Spark SQL strengths

  • Open source
  • Supports wide range of formats (Parquet, Avro, JSON, ORC)
  • Integrates with the Hive metastore
  • Provides compatibility with other Spark libraries (MLlib, GraphX)

Limitations of Spark SQL

  • Spark SQL runs on top of Spark and gets its performance from relying on in-memory caching. As the data sets grow you also have to expand the available cluster memory
  • Next to no security and lack of other common features (e.g. fine grained access control, auditing etc.)

Hive on Tez

One can say that Hive on Tez is an effort that's a bit similar to Spark SQL. Spark is a multi-purpose in-memory engine,while Tez is is a framework, which other projects like Hive and Pig can embed [12]. Both Spark and Tez provide in-memory execution and base the logic flow on directed-acyclic graphs. Tez, however, has strong dependency on YARN, while Spark (and Spark SQL respectively) doesn't depend on it and can also work in standalone mode.

A benchmark conducted by Hortonworks shows Hive on Tez being over 100 faster than Hive on MapReduce [13]. The benchmark is based on the standard TPC-DS tests, however it also looks like that it didn't include the entire query set – the test was done only with 50 of the 99 TPC-DS queries and this rises questions in regard to objectivity.

Cloudera have also released their own benchmarks showing Impala being faster than both Hive on Tez and Spark SQL. [14]

There is also a competing Hive on Spark project [15], which may make Hive on Tez obsolete, given the broader adoption of Spark in the community (Spark has over a hundred contributors including DataBricks, IBM, Intel, Yahoo, Cloudera and many others. Contributions to Tez come mostly from Hortonworks).

Hive on Tez strengths

  • Much faster than Hive on MapReduce
  • Open source
  • Commercial support available from Hortonworks
  • Hortonworks claim more than 90 customers running Hive on Tez in production [16]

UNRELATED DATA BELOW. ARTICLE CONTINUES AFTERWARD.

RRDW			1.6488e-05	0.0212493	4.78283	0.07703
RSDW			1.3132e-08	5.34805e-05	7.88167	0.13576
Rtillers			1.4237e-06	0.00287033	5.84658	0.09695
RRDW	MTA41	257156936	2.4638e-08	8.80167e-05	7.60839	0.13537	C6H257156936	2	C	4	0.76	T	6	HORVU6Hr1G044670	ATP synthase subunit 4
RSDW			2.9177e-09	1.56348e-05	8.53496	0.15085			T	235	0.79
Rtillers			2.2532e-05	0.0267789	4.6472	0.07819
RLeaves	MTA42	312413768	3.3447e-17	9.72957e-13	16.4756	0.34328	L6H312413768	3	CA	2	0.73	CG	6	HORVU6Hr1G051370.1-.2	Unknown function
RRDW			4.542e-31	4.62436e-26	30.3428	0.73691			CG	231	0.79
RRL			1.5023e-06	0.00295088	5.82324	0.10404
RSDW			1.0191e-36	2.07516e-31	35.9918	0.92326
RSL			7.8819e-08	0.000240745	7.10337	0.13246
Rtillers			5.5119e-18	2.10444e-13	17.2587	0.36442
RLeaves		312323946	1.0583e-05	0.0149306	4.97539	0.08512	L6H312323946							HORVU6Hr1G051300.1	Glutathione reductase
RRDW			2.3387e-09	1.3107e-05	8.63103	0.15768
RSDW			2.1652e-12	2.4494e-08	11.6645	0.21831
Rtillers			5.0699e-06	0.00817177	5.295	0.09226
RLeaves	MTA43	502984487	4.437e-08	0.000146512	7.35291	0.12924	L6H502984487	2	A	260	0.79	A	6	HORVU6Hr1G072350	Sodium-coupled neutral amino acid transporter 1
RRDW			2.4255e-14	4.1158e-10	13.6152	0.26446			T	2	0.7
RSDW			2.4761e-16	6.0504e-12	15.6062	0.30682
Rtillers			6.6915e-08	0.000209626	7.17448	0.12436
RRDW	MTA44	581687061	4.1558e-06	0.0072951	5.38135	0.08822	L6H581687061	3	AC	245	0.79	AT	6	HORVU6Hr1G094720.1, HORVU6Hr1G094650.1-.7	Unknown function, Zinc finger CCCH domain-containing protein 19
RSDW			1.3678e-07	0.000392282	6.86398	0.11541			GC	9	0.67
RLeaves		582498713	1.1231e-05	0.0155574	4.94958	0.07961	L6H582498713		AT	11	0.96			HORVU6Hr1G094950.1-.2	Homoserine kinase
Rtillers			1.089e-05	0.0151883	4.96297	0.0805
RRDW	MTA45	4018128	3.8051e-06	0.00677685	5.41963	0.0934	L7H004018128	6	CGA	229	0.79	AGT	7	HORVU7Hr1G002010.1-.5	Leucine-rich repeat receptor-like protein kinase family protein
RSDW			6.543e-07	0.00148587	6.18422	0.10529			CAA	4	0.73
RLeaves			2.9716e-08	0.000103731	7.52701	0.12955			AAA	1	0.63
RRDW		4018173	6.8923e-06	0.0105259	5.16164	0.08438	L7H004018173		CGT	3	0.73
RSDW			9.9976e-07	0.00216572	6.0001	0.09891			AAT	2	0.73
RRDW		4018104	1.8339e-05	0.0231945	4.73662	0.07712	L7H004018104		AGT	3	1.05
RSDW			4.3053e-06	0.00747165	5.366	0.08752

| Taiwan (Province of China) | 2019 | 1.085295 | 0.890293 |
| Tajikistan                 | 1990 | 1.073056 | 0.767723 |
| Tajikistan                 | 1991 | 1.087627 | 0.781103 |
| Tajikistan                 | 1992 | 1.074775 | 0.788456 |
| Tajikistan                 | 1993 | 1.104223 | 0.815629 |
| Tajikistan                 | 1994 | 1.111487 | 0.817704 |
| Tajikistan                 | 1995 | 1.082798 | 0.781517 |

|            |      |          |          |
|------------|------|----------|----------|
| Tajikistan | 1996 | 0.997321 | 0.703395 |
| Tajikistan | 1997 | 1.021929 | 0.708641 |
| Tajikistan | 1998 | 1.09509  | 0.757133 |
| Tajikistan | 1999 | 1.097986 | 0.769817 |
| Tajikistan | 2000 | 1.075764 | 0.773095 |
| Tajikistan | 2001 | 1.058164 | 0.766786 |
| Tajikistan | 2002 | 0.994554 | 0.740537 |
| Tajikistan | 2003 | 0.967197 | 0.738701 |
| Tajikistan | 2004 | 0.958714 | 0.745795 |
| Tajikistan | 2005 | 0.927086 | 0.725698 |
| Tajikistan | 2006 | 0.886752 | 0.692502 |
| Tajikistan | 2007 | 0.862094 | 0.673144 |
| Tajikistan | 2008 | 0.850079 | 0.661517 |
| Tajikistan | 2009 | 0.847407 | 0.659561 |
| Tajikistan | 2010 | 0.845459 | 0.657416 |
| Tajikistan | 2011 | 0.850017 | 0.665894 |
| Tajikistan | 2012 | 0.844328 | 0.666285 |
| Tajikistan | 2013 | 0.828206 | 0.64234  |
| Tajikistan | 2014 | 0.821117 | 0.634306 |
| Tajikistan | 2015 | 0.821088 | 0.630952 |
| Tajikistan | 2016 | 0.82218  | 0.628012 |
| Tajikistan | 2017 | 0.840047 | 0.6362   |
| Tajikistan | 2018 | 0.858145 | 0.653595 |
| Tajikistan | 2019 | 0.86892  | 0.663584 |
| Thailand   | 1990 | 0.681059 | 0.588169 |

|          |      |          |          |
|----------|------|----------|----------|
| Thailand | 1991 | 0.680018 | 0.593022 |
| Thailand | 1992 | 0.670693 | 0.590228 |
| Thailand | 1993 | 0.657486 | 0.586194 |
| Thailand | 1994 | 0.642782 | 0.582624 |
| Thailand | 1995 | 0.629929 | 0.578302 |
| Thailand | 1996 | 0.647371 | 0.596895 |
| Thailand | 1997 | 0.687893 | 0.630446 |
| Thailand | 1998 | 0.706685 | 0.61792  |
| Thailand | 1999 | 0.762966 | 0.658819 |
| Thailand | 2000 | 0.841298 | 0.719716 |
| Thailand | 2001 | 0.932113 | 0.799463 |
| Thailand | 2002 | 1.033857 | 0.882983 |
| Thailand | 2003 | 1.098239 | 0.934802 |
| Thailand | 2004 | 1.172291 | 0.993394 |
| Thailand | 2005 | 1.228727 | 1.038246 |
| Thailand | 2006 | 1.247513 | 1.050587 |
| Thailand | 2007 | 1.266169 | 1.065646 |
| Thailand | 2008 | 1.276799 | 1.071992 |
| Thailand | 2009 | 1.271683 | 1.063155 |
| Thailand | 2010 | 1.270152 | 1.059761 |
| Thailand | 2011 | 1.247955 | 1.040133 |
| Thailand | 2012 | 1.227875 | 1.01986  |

Limitations of Hive on Tez

  • Not designed for OLTP
  • No ANSI-standard SQL support


There is another way of classifying the SQL on Hadoop engines and this is by how well they are integrated and they fit the Hadoop stack. Using this criteria we can group the solutions into three categories – Pure query engine, RDBMS on Hadoop, and Remote query submission solutions.

SQL Engine Classification by integration with Hadoop

Using this classification we can establish the clear winners as Cloudera Impala, IBM Big SQL, and Hortonworks Hive (on Tez). They all integrate seamlessly with the Hive metastore and provide great compatibility with other Hadoop services and third party applications (via standard JDBC/ODBC drivers).

There is of course the question of ANSI SQL compatibility, where the lead is dominated by Big SQL and HAWQ.
Anyway, selecting the right engine requires evaluating multiple variables – how important the ANSI SQL compatibility is? Is Hive metastore integration needed? Does this engine comes with the Hadoop distribution of choice? Do we have the right skills to use it? Is it free? Is it open source? Is commercial support available? How does it integrate with third party tools? Does it provide SQL federation?

Bottom line is, we definitely can't apply the “one tool for every job” approach, but we should also keep in mind that SQL on Hadoop is a very dynamic market – most of the projects featured in this post did not exist 5 years ago. There are also constant shifts of opinion from vendors. For example, Cloudera justified their decision to develop Impala by saying that “Hive is the wrong architecture for real-time distributed SQL” [17]. Then, barely 20 months down the road they launched a Hive on Spark project [18]. Whatever happens from here on, some projects will probably get abandoned and some will get important improvements to resolve key limitations.

I am planning to do a subsequent review of the SQL on Hadoop landscape after maybe another 24 months and discuss how the market will have evolved.


[1] Overview of HAWQ High Availability, Pivotal HAWQ 1.3.1 Documentation,
[2] MADlib Moves to ASF,
[3] Introducing The Newly Redesigned Apache HAWQ, Lei Chang,
[4] Expanding the HAWQ System, HAWQ Administration,
[5] Industry's First Schema-free SQL Engine - Apache Drill 1.0 is Now Generally Available, MAPR Blogs,
[6] Using Drill Explorer, Apache Drill Documentation,
[7] Connectors, Presto Documentation,
[8] New Benchmarks for SQL-on-Hadoop: Impala 1.4 Widens the Performance Gap, Cloudera Engineering Blog,
[9] Teradata will support Presto, DBMS2,
[10] Shark, Spark SQL, Hive on Spark, and the future of SQL on Spark, Reynold Xin, Databricks Blog,
[11] Apache Drill: Frequently Asked Questions,
[12] Cloud is designed to fail... so fail, Jim Fagan, Tech Exchange, 22 December 2015,
[13] Benchmarking Apache Hive 13 for Enterprise Hadoop, Carter Shanklin, 2 June 2014,
[14] New Benchmarks for SQL-on-Hadoop: Impala 1.4 Widens the Performance Gap, Justin Erickson, Marcel Kornacker, Dileep Kumar, and David Rorke, 22 September 2014,
[15] Hive on Spark: Getting Started, Szehon Ho,
[16] Hive on Spark is blazing fast... or is it?, Carter Shanklin and Mostafa Mokhtar, Strata + Hadoop World, 2015,
[17] Impala v Hive, Mike Olson, December 2013,
[18] Hive on Spark,